The virtual switch in Hyper-V is a “layer-2 switch,” which means that it switches (i.e. determines the route a certain Ethernet packet takes) using the MAC addresses that uniquely identify each (physical and virtual) network adapter card. The MAC address of the source and destination machines are sent in each Ethernet packet and a layer-2 switch uses this to determine where it should send the incoming packet. An external virtual switch is connected to the external world through the physical NIC. Ethernet packets from a VM destined for a machine in the external world are sent out through this physical NIC. This means that the physical NIC must be able to carry the traffic from all the VMs connected to this virtual switch, thus implying that the packets flowing through the physical NIC will contain multiple MAC addresses (one for each VM’s virtual NIC). This is supported on wired physical NICs (by putting the NIC in promiscuous mode), but not supported on wireless NICs since the wireless channel established by the WiFi NIC and its access point only allows Ethernet packets with the WiFi NIC’s MAC address and nothing else. In other words, Hyper-V couldn’t use WiFi NICs for an external switch if we continued to use the current virtual switch architecture.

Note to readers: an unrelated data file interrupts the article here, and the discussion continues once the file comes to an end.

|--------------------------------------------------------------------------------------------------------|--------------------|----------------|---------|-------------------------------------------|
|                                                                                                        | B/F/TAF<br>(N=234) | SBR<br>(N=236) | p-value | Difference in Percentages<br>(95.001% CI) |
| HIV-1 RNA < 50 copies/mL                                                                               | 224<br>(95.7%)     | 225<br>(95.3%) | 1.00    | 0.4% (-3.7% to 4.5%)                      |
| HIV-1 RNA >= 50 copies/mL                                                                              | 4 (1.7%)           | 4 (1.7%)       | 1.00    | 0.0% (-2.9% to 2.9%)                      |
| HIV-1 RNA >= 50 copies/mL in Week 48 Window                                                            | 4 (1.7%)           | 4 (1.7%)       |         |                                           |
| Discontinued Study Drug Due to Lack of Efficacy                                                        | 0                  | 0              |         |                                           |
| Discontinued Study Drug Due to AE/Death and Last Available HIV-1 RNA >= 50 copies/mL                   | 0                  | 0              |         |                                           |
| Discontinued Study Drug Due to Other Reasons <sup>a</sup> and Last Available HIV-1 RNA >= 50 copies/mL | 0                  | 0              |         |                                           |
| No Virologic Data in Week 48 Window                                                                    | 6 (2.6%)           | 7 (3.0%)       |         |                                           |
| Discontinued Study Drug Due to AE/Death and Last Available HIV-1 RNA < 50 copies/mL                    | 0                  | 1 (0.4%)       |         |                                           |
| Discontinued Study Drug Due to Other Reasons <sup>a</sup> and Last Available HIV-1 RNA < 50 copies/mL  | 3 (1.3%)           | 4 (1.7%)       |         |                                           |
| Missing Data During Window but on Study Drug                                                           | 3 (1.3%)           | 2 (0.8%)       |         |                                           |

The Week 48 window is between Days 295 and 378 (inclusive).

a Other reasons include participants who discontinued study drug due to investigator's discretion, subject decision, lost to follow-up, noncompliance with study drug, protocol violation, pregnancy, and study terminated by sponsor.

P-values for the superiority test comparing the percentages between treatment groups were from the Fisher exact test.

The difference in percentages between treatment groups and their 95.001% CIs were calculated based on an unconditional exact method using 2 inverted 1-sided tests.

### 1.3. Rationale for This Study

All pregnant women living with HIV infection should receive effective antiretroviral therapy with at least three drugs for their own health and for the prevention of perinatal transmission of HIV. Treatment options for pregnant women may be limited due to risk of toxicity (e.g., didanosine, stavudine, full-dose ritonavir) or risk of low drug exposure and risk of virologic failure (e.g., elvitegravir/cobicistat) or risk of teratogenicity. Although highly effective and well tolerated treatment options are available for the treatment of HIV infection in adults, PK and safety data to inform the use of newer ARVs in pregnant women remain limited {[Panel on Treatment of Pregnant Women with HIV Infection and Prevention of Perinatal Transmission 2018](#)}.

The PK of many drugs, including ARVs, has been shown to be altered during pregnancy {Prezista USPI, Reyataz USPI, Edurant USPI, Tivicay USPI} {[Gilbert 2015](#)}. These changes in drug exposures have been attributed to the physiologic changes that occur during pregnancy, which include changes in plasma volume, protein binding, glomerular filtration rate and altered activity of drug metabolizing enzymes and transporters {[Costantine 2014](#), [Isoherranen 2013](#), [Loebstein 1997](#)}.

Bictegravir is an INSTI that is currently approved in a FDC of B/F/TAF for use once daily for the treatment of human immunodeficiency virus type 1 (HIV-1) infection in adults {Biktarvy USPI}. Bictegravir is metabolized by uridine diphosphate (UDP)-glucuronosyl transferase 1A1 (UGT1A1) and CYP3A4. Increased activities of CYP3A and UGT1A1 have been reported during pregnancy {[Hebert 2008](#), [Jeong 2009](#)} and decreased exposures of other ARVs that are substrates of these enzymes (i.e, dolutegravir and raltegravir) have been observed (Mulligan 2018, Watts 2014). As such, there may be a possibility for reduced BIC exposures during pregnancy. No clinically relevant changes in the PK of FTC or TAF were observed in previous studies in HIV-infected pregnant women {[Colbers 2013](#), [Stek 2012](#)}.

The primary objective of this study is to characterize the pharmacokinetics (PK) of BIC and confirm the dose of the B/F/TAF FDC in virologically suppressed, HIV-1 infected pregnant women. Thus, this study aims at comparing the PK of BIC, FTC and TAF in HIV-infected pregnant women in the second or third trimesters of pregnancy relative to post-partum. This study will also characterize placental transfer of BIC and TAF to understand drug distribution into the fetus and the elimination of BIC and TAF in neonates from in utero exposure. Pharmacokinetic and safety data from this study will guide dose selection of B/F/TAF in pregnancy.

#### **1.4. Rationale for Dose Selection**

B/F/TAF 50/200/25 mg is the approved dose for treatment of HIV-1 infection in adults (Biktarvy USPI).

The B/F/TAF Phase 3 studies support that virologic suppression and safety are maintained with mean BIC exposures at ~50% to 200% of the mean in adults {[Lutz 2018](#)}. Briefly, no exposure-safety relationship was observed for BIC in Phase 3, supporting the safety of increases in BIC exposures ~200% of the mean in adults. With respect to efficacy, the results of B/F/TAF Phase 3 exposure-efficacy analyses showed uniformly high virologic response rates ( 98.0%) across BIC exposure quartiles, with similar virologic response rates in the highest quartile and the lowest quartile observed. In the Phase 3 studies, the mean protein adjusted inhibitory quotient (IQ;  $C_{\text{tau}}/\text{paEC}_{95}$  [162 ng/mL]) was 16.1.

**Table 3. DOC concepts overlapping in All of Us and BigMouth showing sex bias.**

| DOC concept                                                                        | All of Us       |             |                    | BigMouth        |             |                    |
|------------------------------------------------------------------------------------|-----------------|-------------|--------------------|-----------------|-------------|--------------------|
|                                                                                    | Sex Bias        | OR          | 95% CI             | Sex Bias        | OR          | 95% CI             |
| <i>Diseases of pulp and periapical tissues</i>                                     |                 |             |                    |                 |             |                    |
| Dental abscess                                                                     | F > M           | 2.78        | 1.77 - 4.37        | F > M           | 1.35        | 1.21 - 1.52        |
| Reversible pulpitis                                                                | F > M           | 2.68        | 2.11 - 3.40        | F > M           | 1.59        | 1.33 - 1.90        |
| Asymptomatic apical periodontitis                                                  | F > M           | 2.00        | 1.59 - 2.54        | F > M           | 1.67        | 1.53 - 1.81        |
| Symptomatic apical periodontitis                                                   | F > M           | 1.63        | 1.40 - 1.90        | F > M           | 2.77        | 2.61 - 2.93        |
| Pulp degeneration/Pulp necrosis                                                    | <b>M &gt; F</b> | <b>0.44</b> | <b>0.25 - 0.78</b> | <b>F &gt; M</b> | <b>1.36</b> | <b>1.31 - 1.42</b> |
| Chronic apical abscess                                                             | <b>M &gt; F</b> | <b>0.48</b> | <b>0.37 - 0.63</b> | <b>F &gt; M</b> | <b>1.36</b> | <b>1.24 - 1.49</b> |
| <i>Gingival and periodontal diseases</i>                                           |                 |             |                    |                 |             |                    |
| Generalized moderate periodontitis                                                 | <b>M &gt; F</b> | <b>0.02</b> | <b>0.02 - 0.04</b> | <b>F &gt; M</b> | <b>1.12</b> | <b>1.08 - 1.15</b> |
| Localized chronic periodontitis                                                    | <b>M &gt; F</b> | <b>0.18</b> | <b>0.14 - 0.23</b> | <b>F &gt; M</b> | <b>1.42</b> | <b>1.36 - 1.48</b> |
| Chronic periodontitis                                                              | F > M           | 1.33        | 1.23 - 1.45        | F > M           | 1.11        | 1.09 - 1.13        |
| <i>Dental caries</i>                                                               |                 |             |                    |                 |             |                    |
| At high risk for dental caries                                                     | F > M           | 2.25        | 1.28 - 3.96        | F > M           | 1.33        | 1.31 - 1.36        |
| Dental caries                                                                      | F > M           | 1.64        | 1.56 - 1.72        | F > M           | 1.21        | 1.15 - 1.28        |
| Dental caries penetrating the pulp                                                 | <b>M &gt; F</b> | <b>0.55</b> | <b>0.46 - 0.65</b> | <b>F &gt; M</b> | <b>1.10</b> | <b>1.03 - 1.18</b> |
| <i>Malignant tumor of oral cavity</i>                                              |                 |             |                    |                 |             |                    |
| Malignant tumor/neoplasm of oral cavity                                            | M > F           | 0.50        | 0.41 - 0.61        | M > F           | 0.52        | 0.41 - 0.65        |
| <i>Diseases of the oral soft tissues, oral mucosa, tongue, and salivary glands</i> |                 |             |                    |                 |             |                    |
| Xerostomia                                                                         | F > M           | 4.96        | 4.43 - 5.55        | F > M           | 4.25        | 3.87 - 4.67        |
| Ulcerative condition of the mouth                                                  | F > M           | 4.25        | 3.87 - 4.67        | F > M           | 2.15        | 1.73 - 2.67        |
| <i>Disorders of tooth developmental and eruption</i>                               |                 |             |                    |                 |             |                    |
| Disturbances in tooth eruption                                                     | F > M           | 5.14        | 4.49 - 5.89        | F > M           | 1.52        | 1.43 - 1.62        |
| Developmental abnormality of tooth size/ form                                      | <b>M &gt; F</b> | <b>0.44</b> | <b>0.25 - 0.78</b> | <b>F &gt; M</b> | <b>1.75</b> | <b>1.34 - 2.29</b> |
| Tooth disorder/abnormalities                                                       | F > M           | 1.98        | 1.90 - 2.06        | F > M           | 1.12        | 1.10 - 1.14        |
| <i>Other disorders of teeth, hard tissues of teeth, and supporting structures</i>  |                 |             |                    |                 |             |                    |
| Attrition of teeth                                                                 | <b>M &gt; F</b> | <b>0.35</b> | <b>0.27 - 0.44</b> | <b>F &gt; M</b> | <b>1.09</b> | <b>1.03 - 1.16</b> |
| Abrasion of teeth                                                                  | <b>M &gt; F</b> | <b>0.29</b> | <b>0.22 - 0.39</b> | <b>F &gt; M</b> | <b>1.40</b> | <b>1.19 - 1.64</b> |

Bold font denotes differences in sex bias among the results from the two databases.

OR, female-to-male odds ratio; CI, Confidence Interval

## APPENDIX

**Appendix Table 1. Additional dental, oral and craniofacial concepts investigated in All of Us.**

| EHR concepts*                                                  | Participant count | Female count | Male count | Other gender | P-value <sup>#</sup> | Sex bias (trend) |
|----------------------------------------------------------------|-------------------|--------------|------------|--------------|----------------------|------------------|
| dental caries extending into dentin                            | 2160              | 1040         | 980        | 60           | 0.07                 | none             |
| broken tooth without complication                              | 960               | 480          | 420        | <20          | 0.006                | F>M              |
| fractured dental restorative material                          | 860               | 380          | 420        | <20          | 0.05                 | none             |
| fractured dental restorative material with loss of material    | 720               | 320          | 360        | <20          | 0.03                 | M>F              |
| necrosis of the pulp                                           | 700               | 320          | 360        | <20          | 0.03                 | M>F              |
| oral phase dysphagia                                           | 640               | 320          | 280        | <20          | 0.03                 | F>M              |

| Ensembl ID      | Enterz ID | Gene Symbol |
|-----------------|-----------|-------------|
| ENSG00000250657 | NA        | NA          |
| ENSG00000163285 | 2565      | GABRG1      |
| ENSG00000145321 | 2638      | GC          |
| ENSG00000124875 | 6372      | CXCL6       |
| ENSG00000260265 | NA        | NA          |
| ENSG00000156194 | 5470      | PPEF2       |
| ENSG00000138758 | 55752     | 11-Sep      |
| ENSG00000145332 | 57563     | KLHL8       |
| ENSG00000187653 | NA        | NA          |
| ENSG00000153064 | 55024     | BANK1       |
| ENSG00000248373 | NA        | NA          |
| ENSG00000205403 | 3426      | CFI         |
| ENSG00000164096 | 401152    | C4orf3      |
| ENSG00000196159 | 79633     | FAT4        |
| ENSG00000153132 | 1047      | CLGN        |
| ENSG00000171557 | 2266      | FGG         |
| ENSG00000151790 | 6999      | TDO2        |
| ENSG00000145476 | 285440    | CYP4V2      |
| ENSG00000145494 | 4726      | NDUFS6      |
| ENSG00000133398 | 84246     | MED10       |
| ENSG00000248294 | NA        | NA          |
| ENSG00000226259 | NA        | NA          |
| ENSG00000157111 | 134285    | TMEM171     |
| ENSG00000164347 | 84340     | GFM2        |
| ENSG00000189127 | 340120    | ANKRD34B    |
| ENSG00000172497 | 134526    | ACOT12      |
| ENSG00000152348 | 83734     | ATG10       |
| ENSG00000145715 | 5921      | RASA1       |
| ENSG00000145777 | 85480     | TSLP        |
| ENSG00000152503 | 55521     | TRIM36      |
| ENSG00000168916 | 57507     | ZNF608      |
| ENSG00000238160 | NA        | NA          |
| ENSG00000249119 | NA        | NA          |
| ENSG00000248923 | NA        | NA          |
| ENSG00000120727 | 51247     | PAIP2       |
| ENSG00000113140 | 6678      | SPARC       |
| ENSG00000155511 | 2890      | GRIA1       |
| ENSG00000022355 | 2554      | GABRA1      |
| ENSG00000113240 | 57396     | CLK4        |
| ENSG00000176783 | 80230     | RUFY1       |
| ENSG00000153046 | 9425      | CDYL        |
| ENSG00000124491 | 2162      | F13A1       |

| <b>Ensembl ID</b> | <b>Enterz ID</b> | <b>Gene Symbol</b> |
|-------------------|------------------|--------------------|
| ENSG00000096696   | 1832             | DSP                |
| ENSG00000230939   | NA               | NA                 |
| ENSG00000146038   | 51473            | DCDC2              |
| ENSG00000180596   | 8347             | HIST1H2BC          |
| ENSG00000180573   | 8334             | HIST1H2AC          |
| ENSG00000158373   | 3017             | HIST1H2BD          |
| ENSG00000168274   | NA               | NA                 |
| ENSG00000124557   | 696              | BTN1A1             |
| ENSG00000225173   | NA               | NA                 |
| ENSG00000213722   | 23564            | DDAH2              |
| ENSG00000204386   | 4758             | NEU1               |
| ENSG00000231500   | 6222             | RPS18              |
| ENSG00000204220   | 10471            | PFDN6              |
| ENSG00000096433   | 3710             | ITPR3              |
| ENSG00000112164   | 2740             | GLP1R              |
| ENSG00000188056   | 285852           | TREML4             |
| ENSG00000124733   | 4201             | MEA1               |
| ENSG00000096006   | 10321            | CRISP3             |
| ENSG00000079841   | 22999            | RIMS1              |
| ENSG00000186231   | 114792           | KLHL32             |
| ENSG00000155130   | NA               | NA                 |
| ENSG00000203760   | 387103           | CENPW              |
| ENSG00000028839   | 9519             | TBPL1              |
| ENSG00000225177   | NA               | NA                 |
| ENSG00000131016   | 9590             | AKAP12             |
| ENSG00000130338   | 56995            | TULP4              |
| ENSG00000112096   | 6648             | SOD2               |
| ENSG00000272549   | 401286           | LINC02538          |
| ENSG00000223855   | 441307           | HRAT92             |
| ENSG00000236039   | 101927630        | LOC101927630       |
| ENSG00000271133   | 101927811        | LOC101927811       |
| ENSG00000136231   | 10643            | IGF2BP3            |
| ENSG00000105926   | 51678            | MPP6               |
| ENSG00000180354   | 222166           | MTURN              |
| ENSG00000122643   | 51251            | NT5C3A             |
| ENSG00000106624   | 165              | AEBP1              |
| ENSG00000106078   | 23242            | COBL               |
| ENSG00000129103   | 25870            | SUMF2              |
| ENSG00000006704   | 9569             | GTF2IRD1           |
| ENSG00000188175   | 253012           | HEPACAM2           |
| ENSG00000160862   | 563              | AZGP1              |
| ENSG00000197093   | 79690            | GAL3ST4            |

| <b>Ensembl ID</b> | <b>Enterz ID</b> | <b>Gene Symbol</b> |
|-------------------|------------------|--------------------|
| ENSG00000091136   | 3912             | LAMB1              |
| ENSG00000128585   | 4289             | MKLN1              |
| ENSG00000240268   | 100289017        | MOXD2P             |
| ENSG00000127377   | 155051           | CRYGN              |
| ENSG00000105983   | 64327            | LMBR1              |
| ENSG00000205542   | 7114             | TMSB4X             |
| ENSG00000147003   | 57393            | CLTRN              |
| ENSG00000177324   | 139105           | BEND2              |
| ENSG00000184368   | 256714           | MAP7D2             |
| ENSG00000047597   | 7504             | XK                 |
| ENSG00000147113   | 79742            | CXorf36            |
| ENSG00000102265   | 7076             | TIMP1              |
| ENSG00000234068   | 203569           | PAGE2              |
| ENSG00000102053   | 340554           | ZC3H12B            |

To work around this limitation, we used the Microsoft Bridging solution, which implements ARP proxying (for IPv4) and Neighbor Discovery proxying (for IPv6) to replace the virtual NICs’ MAC address with the WiFi adapter’s MAC address for outgoing packets. The bridge maintains an internal mapping between the virtual NIC’s IP address and its MAC address to ensure that the packets coming from the external world are sent to the appropriate virtual NIC.
Hyper-V integrates the bridge as part of creating the virtual switch such that when you create an external virtual switch using a WiFi adapter, Hyper-V will:
1. Create a single adapter bridge connected to the WiFi adapter
2. Create the external virtual switch
3. Bind the external virtual switch to use the bridge, instead of the WiFi adapter directly
In this model, Ethernet switching still happens in the virtual switch, and MAC translation occurs in the bridge. For the end user who is creating an external network, the workflow is the same whether you select a wired or a wireless NIC.
In conclusion, by bringing Hyper-V from Windows Server to Windows Client, we were able to provide a robust virtualization technology designed for the scalability, security, reliability, and performance needs of most data centers. With Hyper-V, developers and IT professionals can now build a more efficient and cost-effective environment for using and testing across multiple machines.